Melbourne, Australia – We are getting fatter. In Australia, the United States and many other countries, it has become commonplace to see people so fat that they waddle rather than walk. The rise in obesity is steepest in the developed world, but it is occurring in middle-income and poor countries as well.
Is a person’s weight his or her own business? Should we simply become more accepting of diverse body shapes? I don’t think so. Obesity is an ethical issue, because an increase in weight by some imposes costs on others.
I am writing this at an airport. A slight Asian woman has checked in with, I would guess, about 40 kilograms (88 pounds) of suitcases and boxes. She pays extra for exceeding the weight allowance. A man who must weigh at least 40 kilos more than she does, but whose baggage is under the limit, pays nothing. Yet, in terms of the airplane’s fuel consumption, it is all the same whether the extra weight is baggage or body fat.
Tony Webber, a former chief economist for the Australian airline Qantas, has pointed out that, since 2000, the average weight of adult passengers on its planes has increased by two kilos. For a large, modern aircraft like the Airbus A380, that means that an extra $472 of fuel has to be burned on a flight from Sydney to London. If the airline flies that route in both directions three times a day, over a year it will spend an additional $1m for fuel, or, on current margins, about 13 per cent of the airline’s profit from operating that route.
Webber suggests that airlines set a standard passenger weight, say, 75 kilos. If a passenger weighs 100 kilos, a surcharge would be charged to cover the extra fuel costs. For a passenger who is 25 kilos overweight, the surcharge on a Sydney-London return ticket would be $29. A passenger weighing just 50 kilos would get a discount of the same amount.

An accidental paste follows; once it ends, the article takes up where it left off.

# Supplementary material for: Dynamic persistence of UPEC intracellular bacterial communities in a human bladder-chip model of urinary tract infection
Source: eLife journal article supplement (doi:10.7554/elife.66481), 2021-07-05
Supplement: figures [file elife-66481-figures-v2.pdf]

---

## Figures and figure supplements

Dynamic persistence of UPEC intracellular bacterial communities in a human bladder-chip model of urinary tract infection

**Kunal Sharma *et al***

Another way to achieve the same objective would be to set a standard weight for passengers and luggage, and then ask people to get on the scales with their luggage. That would have the advantage of avoiding embarrassment for those who do not wish to reveal their weight.
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Friends with whom I discuss this proposal often say that many obese people cannot help being overweight – they just have a different metabolism from the rest of us. But the point of a surcharge for extra weight is not to punish a sin, whether it is levied on baggage or on bodies. It is a way of recouping from you the true cost of flying you to your destination, rather than imposing it on your fellow passengers. Flying is different from, say, health care. It is not a human right.
An increase in the use of jet fuel is not just a matter of financial cost; it also implies an environmental cost, as higher greenhouse-gas emissions exacerbate global warming. It is a minor example of how the size of our fellow-citizens affects us all. When people get larger and heavier, fewer of them fit onto a bus or train, which increases the costs of public transport. Hospitals now must order stronger beds and operating tables, build extra-large toilets and even install extra-large refrigerators in their morgues – all adding to their costs.
Indeed, obesity imposes a far more significant cost in terms of health care more broadly. Last year, the Society of Actuaries estimated that in the United States and Canada, overweight or obese people accounted for $127bn in additional health-care expenditure. That adds hundreds of dollars to annual health-care costs for taxpayers and those who pay for private health insurance. The same study indicated that the costs of lost productivity, both among those still working and among those unable to work at all because of obesity, totalled $115bn.
These facts are enough to justify public policies that discourage weight gain. Taxing foods that are disproportionately implicated in obesity – especially foods with no nutritional value, such as sugary drinks – would help. The revenue raised could then be used to offset the extra costs that overweight people impose on others and the increased cost of these foods could discourage their consumption by people who are at risk of obesity, which is second only to tobacco use as the leading cause of preventable death.
Many of us are rightly concerned about whether our planet can support a human population that has surpassed seven billion. But we should think of the size of the human population not just in terms of numbers, but also in terms of its mass. If we value both sustainable human well-being and our planet’s natural environment, my weight – and yours – is everyone’s business.
Peter Singer is Professor of Bioethics at Princeton University and Laureate Professor at the University of Melbourne. His books include Animal Liberation, Practical Ethics, The Expanding Circle and The Life You Can Save.
A version of this article was first published on Project Syndicate.